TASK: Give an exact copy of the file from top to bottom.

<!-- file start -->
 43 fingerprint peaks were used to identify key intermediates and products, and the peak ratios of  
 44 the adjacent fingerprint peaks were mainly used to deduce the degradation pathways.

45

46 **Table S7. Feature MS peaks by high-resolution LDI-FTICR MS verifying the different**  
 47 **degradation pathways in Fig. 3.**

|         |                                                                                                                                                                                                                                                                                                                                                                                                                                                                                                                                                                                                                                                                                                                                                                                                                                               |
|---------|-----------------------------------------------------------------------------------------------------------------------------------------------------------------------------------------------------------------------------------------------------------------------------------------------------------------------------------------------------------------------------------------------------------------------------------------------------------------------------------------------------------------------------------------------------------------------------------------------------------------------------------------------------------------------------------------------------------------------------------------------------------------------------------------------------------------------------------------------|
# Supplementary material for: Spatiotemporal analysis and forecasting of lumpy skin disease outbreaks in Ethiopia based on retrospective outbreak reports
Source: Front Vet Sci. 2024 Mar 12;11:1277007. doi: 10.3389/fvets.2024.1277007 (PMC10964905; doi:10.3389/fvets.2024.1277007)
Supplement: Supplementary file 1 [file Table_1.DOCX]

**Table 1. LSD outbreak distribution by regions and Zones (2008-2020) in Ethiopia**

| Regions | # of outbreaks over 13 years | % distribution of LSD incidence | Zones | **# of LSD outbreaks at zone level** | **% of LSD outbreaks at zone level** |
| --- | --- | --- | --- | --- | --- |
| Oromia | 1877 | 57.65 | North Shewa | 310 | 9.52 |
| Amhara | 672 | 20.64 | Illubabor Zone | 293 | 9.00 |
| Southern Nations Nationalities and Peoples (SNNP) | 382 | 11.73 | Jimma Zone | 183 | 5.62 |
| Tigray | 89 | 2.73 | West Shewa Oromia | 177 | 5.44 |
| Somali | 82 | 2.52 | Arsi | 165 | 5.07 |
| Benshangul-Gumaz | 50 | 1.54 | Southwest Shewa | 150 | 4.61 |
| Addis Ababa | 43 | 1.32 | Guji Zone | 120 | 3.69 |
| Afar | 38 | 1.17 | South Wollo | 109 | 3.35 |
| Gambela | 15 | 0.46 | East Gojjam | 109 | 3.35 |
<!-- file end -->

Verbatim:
 43 fingerprint peaks were used to identify key intermediates and products, and the peak ratios of  
 44 the adjacent fingerprint peaks were mainly used to deduce the degradation pathways.

45

46 **Table S7. Feature MS peaks by high-resolution LDI-FTICR MS verifying the different**  
 47 **degradation pathways in Fig. 3.**

|         |                                                                                                                                                                                                                                                                                                                                                                                                                                                                                                                                                                                                                                                                                                                                                                                                                                               |
|---------|-----------------------------------------------------------------------------------------------------------------------------------------------------------------------------------------------------------------------------------------------------------------------------------------------------------------------------------------------------------------------------------------------------------------------------------------------------------------------------------------------------------------------------------------------------------------------------------------------------------------------------------------------------------------------------------------------------------------------------------------------------------------------------------------------------------------------------------------------|
# Supplementary material for: Spatiotemporal analysis and forecasting of lumpy skin disease outbreaks in Ethiopia based on retrospective outbreak reports
Source: Front Vet Sci. 2024 Mar 12;11:1277007. doi: 10.3389/fvets.2024.1277007 (PMC10964905; doi:10.3389/fvets.2024.1277007)
Supplement: Supplementary file 1 [file Table_1.DOCX]

**Table 1. LSD outbreak distribution by regions and Zones (2008-2020) in Ethiopia**

| Regions | # of outbreaks over 13 years | % distribution of LSD incidence | Zones | **# of LSD outbreaks at zone level** | **% of LSD outbreaks at zone level** |
| --- | --- | --- | --- | --- | --- |
| Oromia | 1877 | 57.65 | North Shewa | 310 | 9.52 |
| Amhara | 672 | 20.64 | Illubabor Zone | 293 | 9.00 |
| Southern Nations Nationalities and Peoples (SNNP) | 382 | 11.73 | Jimma Zone | 183 | 5.62 |
| Tigray | 89 | 2.73 | West Shewa Oromia | 177 | 5.44 |
| Somali | 82 | 2.52 | Arsi | 165 | 5.07 |
| Benshangul-Gumaz | 50 | 1.54 | Southwest Shewa | 150 | 4.61 |
| Addis Ababa | 43 | 1.32 | Guji Zone | 120 | 3.69 |
| Afar | 38 | 1.17 | South Wollo | 109 | 3.35 |
| Gambela | 15 | 0.46 | East Gojjam | 109 | 3.35 |